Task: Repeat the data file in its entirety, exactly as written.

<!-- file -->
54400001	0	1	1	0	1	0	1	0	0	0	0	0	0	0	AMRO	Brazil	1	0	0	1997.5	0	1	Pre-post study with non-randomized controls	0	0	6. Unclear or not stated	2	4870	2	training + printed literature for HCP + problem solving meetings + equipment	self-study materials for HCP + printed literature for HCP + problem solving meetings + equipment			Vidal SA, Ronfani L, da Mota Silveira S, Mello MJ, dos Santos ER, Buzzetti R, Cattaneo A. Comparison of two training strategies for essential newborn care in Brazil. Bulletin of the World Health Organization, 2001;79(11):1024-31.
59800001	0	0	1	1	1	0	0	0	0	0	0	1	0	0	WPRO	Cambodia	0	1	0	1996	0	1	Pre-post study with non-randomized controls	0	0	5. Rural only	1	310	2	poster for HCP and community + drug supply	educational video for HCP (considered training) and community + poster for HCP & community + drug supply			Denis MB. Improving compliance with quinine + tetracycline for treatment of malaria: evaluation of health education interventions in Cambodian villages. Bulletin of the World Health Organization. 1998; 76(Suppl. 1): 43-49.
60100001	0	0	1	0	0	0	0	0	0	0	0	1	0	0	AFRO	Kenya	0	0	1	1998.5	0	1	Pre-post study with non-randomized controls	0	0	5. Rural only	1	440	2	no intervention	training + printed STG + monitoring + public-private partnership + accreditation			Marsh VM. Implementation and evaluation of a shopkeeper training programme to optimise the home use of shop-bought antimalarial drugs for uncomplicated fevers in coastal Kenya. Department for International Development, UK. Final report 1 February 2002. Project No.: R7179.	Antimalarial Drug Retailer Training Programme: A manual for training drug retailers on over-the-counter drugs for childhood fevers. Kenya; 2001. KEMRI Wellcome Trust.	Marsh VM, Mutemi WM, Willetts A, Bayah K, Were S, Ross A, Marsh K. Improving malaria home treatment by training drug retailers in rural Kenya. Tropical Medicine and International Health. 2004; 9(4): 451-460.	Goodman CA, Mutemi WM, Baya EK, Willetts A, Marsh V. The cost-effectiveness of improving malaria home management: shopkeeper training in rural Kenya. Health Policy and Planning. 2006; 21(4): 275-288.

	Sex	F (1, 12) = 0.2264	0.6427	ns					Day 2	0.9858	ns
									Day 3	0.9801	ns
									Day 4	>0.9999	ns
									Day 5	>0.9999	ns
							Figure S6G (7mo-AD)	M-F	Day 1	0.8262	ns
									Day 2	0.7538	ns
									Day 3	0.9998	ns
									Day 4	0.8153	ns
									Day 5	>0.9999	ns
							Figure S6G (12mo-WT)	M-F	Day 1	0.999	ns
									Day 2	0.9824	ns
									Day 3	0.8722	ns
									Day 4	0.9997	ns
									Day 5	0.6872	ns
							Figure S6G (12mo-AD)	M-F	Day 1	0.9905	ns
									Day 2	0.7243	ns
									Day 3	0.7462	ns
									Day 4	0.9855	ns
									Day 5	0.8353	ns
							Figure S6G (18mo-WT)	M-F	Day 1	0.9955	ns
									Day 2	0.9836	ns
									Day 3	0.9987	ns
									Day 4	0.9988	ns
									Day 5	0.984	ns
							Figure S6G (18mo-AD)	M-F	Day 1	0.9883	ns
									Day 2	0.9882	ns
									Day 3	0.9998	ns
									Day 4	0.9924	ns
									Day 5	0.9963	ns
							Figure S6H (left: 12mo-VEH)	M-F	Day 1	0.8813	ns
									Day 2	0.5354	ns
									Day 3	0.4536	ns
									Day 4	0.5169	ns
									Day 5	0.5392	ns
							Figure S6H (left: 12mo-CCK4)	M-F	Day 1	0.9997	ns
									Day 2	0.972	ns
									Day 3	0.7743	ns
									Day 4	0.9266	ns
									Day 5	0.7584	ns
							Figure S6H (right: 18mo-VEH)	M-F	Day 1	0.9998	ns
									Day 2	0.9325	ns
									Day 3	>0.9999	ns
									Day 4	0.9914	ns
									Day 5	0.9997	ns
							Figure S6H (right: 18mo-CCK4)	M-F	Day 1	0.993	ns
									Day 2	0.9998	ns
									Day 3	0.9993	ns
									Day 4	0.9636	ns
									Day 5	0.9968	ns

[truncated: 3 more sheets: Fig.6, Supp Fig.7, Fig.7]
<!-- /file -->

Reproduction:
54400001	0	1	1	0	1	0	1	0	0	0	0	0	0	0	AMRO	Brazil	1	0	0	1997.5	0	1	Pre-post study with non-randomized controls	0	0	6. Unclear or not stated	2	4870	2	training + printed literature for HCP + problem solving meetings + equipment	self-study materials for HCP + printed literature for HCP + problem solving meetings + equipment			Vidal SA, Ronfani L, da Mota Silveira S, Mello MJ, dos Santos ER, Buzzetti R, Cattaneo A. Comparison of two training strategies for essential newborn care in Brazil. Bulletin of the World Health Organization, 2001;79(11):1024-31.
59800001	0	0	1	1	1	0	0	0	0	0	0	1	0	0	WPRO	Cambodia	0	1	0	1996	0	1	Pre-post study with non-randomized controls	0	0	5. Rural only	1	310	2	poster for HCP and community + drug supply	educational video for HCP (considered training) and community + poster for HCP & community + drug supply			Denis MB. Improving compliance with quinine + tetracycline for treatment of malaria: evaluation of health education interventions in Cambodian villages. Bulletin of the World Health Organization. 1998; 76(Suppl. 1): 43-49.
60100001	0	0	1	0	0	0	0	0	0	0	0	1	0	0	AFRO	Kenya	0	0	1	1998.5	0	1	Pre-post study with non-randomized controls	0	0	5. Rural only	1	440	2	no intervention	training + printed STG + monitoring + public-private partnership + accreditation			Marsh VM. Implementation and evaluation of a shopkeeper training programme to optimise the home use of shop-bought antimalarial drugs for uncomplicated fevers in coastal Kenya. Department for International Development, UK. Final report 1 February 2002. Project No.: R7179.	Antimalarial Drug Retailer Training Programme: A manual for training drug retailers on over-the-counter drugs for childhood fevers. Kenya; 2001. KEMRI Wellcome Trust.	Marsh VM, Mutemi WM, Willetts A, Bayah K, Were S, Ross A, Marsh K. Improving malaria home treatment by training drug retailers in rural Kenya. Tropical Medicine and International Health. 2004; 9(4): 451-460.	Goodman CA, Mutemi WM, Baya EK, Willetts A, Marsh V. The cost-effectiveness of improving malaria home management: shopkeeper training in rural Kenya. Health Policy and Planning. 2006; 21(4): 275-288.

	Sex	F (1, 12) = 0.2264	0.6427	ns					Day 2	0.9858	ns
									Day 3	0.9801	ns
									Day 4	>0.9999	ns
									Day 5	>0.9999	ns
							Figure S6G (7mo-AD)	M-F	Day 1	0.8262	ns
									Day 2	0.7538	ns
									Day 3	0.9998	ns
									Day 4	0.8153	ns
									Day 5	>0.9999	ns
							Figure S6G (12mo-WT)	M-F	Day 1	0.999	ns
									Day 2	0.9824	ns
									Day 3	0.8722	ns
									Day 4	0.9997	ns
									Day 5	0.6872	ns
							Figure S6G (12mo-AD)	M-F	Day 1	0.9905	ns
									Day 2	0.7243	ns
									Day 3	0.7462	ns
									Day 4	0.9855	ns
									Day 5	0.8353	ns
							Figure S6G (18mo-WT)	M-F	Day 1	0.9955	ns
									Day 2	0.9836	ns
									Day 3	0.9987	ns
									Day 4	0.9988	ns
									Day 5	0.984	ns
							Figure S6G (18mo-AD)	M-F	Day 1	0.9883	ns
									Day 2	0.9882	ns
									Day 3	0.9998	ns
									Day 4	0.9924	ns
									Day 5	0.9963	ns
							Figure S6H (left: 12mo-VEH)	M-F	Day 1	0.8813	ns
									Day 2	0.5354	ns
									Day 3	0.4536	ns
									Day 4	0.5169	ns
									Day 5	0.5392	ns
							Figure S6H (left: 12mo-CCK4)	M-F	Day 1	0.9997	ns
									Day 2	0.972	ns
									Day 3	0.7743	ns
									Day 4	0.9266	ns
									Day 5	0.7584	ns
							Figure S6H (right: 18mo-VEH)	M-F	Day 1	0.9998	ns
									Day 2	0.9325	ns
									Day 3	>0.9999	ns
									Day 4	0.9914	ns
									Day 5	0.9997	ns
							Figure S6H (right: 18mo-CCK4)	M-F	Day 1	0.993	ns
									Day 2	0.9998	ns
									Day 3	0.9993	ns
									Day 4	0.9636	ns
									Day 5	0.9968	ns

[truncated: 3 more sheets: Fig.6, Supp Fig.7, Fig.7]